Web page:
Friday, March 5, 2010

Mizoram Chakmas protest Bangladesh atrocities

By Paritosh Chakma

On 4 March 2010, the Chakmas of Mizoram joined the worldwide movement denouncing the ongoing human rights violations against the minority Jummas (tribals) in Chittagong Hill Tracts of Bangladesh. Thousands of Chakmas held a protest rally at Chawngte (also called Kamalanagar), the headquarters of Chakma Autonomous District Council (CADC) in Mizoram to protest against the recent attacks on the religious minorities namely Buddhists and Christians in CHT by the Bangladesh army and illegal Muslim settlers. The residents of Kamalanagar, and from neighbouring villages participated in the protest rally.

During attacks from 19-23 February 2010, at least eight Chakma tribals have been killed, over 400 houses burnt down and over 2000 tribals displaced. The Bengali plain settlers also burnt down a Buddhist temple and a church beside a UNDP-run health centre.

The attacks are still on. On the night of 4 March 2010 the settlers launched fresh attacks on the indigenous tribals (also called Jummas) burning down half a dozen more houses and one UNICEF-run community school at Daney Baibachara village in Rangamati district. The houses that were burnt down were located just a few hundred yards away from a police station but the police personnel stayed mute spectators.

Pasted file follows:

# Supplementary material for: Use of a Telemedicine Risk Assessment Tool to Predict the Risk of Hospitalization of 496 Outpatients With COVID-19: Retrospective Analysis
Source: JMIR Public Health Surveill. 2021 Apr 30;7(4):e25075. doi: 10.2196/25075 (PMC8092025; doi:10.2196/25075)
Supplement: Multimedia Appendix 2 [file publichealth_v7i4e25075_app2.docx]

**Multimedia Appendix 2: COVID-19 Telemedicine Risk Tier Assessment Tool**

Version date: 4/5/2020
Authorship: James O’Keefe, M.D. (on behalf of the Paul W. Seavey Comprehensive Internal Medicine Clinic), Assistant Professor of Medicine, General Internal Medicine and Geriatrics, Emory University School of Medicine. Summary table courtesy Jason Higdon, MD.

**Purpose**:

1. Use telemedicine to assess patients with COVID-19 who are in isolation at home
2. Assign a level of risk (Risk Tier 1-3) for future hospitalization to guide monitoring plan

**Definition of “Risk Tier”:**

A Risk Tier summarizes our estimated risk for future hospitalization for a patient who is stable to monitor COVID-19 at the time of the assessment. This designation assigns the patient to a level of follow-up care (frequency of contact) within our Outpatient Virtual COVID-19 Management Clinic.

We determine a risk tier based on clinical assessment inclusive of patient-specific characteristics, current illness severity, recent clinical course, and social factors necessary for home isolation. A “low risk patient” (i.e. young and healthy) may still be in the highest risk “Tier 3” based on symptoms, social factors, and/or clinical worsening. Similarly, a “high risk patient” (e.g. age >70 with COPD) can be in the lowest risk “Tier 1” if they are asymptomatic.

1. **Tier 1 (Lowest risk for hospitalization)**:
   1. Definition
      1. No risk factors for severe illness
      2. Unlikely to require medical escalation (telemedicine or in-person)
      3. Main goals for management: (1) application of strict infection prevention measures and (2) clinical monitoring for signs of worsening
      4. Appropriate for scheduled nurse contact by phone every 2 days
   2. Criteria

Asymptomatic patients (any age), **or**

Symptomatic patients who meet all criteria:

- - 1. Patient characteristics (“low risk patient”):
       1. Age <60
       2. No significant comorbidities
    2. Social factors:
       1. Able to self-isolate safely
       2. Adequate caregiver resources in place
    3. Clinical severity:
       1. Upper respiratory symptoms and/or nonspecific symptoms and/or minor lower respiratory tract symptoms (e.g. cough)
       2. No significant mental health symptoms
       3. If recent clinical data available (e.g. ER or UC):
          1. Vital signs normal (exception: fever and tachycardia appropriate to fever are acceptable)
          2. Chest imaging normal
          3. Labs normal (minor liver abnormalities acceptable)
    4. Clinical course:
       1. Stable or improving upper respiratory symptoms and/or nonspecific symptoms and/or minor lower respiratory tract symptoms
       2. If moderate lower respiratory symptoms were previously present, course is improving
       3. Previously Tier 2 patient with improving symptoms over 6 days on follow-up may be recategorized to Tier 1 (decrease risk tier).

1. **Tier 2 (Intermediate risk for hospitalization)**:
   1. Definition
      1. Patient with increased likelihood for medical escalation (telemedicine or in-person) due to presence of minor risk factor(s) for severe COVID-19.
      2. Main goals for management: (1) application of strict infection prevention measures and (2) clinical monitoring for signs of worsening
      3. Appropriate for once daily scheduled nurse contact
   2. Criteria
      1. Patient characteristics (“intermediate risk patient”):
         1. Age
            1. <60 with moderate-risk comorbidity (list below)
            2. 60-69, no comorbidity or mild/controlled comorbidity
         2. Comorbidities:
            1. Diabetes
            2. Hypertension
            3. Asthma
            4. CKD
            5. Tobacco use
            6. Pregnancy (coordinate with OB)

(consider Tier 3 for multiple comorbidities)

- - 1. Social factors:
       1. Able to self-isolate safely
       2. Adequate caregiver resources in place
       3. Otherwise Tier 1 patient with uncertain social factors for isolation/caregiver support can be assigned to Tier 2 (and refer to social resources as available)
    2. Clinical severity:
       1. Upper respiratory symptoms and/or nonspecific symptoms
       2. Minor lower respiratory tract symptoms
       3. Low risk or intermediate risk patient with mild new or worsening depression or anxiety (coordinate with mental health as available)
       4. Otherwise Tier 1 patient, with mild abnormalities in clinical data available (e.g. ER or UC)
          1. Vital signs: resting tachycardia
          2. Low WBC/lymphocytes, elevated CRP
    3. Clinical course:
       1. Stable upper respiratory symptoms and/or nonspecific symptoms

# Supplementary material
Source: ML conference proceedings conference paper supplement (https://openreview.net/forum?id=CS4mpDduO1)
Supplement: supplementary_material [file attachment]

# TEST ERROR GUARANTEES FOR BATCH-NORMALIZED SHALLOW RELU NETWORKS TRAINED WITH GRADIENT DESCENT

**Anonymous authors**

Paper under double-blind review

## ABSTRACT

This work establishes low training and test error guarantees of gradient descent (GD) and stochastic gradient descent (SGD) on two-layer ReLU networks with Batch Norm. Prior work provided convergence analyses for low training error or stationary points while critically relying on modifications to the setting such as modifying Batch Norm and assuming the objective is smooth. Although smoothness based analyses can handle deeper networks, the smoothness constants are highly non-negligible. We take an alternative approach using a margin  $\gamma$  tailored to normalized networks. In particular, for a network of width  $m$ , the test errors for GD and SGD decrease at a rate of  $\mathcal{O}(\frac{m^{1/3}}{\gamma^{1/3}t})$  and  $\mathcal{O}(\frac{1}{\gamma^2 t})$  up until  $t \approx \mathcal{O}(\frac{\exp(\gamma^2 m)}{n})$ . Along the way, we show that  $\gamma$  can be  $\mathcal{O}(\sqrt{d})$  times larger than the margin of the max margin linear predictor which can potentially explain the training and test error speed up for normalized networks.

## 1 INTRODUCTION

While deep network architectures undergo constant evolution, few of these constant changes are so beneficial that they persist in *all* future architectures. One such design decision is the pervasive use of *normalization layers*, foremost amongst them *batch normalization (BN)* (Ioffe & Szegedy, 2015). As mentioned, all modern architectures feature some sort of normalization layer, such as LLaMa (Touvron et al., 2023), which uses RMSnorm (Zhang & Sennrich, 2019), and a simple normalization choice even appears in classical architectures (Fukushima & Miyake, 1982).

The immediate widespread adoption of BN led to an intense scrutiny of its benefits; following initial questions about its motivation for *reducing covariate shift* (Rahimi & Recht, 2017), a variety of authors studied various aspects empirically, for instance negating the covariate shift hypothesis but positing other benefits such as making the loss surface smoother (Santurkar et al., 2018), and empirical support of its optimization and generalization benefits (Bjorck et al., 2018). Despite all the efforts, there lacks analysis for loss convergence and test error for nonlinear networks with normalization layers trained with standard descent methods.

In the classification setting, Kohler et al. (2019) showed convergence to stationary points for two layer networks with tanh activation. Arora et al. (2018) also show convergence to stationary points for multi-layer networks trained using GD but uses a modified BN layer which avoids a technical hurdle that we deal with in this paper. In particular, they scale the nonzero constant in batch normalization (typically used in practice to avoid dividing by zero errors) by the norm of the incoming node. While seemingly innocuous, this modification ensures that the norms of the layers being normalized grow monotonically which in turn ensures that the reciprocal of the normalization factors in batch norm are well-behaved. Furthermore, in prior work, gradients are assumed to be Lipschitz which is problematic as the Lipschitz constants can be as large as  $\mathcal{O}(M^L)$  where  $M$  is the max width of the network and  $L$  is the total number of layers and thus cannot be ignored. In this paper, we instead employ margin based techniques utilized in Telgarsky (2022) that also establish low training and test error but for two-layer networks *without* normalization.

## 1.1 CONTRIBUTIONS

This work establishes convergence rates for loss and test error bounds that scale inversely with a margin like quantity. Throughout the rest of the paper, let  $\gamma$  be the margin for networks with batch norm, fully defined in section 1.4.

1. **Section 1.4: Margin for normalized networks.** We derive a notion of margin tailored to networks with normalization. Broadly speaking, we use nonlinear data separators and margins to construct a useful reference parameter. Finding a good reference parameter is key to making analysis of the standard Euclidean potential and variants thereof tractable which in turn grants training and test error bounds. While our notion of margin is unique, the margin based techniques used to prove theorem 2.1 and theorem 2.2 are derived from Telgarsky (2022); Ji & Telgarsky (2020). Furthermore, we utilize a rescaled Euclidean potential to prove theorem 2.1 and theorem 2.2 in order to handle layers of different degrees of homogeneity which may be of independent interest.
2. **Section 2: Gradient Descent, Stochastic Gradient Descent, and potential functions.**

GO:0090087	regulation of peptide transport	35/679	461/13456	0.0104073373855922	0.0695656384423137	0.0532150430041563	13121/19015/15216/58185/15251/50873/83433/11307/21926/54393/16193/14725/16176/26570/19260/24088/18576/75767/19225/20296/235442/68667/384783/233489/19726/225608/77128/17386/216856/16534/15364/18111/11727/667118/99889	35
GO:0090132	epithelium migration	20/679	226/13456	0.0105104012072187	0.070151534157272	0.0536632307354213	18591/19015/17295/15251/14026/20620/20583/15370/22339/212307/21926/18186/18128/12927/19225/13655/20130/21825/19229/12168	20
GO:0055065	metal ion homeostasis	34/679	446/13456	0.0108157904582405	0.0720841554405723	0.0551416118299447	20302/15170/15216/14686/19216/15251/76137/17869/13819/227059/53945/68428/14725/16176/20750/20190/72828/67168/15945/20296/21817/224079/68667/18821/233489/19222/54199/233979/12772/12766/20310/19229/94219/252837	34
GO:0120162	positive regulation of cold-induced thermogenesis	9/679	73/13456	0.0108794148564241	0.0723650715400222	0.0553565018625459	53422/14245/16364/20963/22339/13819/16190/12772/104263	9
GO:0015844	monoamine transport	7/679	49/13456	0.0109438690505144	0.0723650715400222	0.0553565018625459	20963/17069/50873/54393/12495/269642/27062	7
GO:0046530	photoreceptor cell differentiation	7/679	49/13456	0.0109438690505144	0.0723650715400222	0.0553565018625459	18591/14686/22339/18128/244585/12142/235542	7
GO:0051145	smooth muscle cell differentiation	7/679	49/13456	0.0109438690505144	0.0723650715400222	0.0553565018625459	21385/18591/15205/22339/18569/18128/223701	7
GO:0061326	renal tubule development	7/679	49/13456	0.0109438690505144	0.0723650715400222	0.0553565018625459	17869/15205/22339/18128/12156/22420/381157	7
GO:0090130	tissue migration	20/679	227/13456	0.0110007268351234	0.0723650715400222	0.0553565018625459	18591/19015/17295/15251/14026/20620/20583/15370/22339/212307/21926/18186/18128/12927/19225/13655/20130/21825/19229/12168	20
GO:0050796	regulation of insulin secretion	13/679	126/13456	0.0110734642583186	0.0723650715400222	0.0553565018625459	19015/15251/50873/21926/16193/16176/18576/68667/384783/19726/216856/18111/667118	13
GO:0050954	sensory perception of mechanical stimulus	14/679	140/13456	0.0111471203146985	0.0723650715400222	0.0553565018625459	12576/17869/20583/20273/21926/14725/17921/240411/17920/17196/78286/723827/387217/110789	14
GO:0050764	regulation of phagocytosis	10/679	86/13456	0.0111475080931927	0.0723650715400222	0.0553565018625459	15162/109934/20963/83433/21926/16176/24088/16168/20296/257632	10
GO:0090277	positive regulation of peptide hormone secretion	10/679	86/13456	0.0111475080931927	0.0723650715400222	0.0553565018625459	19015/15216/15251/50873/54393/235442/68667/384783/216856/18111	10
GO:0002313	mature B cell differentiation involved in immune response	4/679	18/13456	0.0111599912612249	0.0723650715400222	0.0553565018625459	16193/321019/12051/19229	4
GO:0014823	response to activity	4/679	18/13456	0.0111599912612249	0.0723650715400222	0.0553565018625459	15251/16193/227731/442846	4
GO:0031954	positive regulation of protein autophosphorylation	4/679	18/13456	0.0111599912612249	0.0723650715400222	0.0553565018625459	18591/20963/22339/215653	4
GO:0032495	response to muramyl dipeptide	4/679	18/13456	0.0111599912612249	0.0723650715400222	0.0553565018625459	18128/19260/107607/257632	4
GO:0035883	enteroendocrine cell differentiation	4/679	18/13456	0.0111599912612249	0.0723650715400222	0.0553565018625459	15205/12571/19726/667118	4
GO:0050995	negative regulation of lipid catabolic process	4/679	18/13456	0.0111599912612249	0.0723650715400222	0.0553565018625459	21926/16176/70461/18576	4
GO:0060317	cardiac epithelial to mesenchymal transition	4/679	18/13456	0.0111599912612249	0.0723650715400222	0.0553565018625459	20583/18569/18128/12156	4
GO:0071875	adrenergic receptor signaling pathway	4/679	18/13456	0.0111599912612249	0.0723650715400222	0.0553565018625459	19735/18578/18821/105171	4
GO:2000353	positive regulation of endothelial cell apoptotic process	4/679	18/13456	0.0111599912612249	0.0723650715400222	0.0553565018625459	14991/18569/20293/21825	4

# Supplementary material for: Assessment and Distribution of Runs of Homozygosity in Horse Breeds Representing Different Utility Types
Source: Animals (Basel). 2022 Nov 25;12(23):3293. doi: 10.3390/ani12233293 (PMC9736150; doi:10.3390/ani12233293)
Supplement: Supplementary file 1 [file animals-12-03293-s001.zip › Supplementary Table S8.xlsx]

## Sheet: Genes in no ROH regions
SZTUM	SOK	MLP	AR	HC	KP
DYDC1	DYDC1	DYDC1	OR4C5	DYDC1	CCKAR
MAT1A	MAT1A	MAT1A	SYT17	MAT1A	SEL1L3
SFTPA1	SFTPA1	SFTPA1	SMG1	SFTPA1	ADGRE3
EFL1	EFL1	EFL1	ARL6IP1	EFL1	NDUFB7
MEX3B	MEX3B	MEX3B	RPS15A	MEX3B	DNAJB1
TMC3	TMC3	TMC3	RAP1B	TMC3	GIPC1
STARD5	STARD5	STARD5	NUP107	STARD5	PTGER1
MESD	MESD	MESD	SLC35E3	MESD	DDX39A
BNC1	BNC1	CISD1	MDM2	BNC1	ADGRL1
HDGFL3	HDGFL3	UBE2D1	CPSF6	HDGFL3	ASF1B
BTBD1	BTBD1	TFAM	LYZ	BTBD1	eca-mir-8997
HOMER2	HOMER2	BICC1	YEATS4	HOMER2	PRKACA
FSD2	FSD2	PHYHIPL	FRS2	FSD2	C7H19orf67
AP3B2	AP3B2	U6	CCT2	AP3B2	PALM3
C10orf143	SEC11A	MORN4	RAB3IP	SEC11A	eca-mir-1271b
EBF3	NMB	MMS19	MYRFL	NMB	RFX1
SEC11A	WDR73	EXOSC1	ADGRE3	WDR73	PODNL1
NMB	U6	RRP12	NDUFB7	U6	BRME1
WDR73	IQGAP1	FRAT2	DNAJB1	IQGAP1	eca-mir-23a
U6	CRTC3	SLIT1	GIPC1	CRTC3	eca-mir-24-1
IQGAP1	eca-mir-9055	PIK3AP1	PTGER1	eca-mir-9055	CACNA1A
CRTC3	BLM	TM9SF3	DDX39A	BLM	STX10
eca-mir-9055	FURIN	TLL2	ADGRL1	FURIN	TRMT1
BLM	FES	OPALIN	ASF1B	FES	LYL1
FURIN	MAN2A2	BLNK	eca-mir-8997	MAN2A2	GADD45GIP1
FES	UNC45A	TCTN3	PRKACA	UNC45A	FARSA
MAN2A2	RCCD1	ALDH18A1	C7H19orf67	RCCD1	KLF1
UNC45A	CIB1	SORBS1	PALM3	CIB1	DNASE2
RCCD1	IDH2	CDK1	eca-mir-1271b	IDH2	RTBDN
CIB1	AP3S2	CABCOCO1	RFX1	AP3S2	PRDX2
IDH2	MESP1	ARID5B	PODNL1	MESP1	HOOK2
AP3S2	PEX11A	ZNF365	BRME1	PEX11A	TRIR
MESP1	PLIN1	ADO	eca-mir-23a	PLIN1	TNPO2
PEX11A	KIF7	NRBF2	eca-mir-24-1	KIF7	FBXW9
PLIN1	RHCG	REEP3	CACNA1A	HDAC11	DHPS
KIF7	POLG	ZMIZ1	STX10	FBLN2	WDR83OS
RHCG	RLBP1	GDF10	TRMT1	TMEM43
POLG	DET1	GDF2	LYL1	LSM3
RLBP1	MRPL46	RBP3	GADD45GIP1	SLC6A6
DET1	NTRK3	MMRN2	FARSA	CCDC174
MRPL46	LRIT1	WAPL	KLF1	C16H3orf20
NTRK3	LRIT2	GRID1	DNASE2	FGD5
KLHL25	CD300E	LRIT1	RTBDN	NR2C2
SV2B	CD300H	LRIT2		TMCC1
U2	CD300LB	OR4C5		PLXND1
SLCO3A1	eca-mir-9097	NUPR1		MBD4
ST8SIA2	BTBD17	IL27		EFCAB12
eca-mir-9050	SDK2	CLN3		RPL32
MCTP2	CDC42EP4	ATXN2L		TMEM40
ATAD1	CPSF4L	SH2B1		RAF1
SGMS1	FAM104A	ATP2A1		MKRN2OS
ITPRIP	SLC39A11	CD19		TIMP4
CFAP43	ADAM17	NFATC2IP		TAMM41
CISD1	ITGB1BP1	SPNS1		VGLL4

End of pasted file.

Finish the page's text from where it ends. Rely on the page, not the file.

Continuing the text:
The Bangladesh government has failed to bring the culprits to justice. It has also refused to investigate the alleged roles of army officials in the attacks. All it has done is to transfer two army officials from the riots affected areas.

The Chakmas have held protests across the world, including in front of the UN Headquarters in New York, London, Seoul, Sydney and Adelaide in Australia, Tokyo, Colombo, and New Delhi, Kolkata, Agartala in India. Among others, two of the world’s largest human rights organizations Amnesty International and Survival International demanded action against the culprits responsible for attacks against the Jummas.

On 26 February 2010, the European Union strongly condemned the “shameful acts of violence” against the indigenous peoples in CHT and demanded an independent investigation. However, the other countries, notably giant neighbor India and the US have been mute spectators to the violence against religious minorities in Bangladesh. The UN too has expressed concern and stated it was “closely monitoring” the situation.

The protest rally in CADC, Mizoram was spearheaded by the most influential Chakma NGO, the Young Chakma Association (YCA) and supported by all the local NGOs and political parties. At the end of the rally, the protestors submitted a Memorandum to Prime Minister Dr Manmohan Singh through the Chief Executive Member, CADC seeking his immediate intervention with the Bangladesh government to end the sufferings of the Jummas (indigenous peoples) in CHT.

Observers feel that the support the CADC protest rally received from across the political spectrum is a testimony to the rising unity and political awareness of the Chakmas in Mizoram about the issues that concern the community.


Also read:
  • Mizoram Chakmas protest atrocities on Jummas, Merinews.com, 5 March 2010,
http://www.merinews.com/article/mizoram-chakmas-protest-atrocities-on-jummas/15800170.shtml


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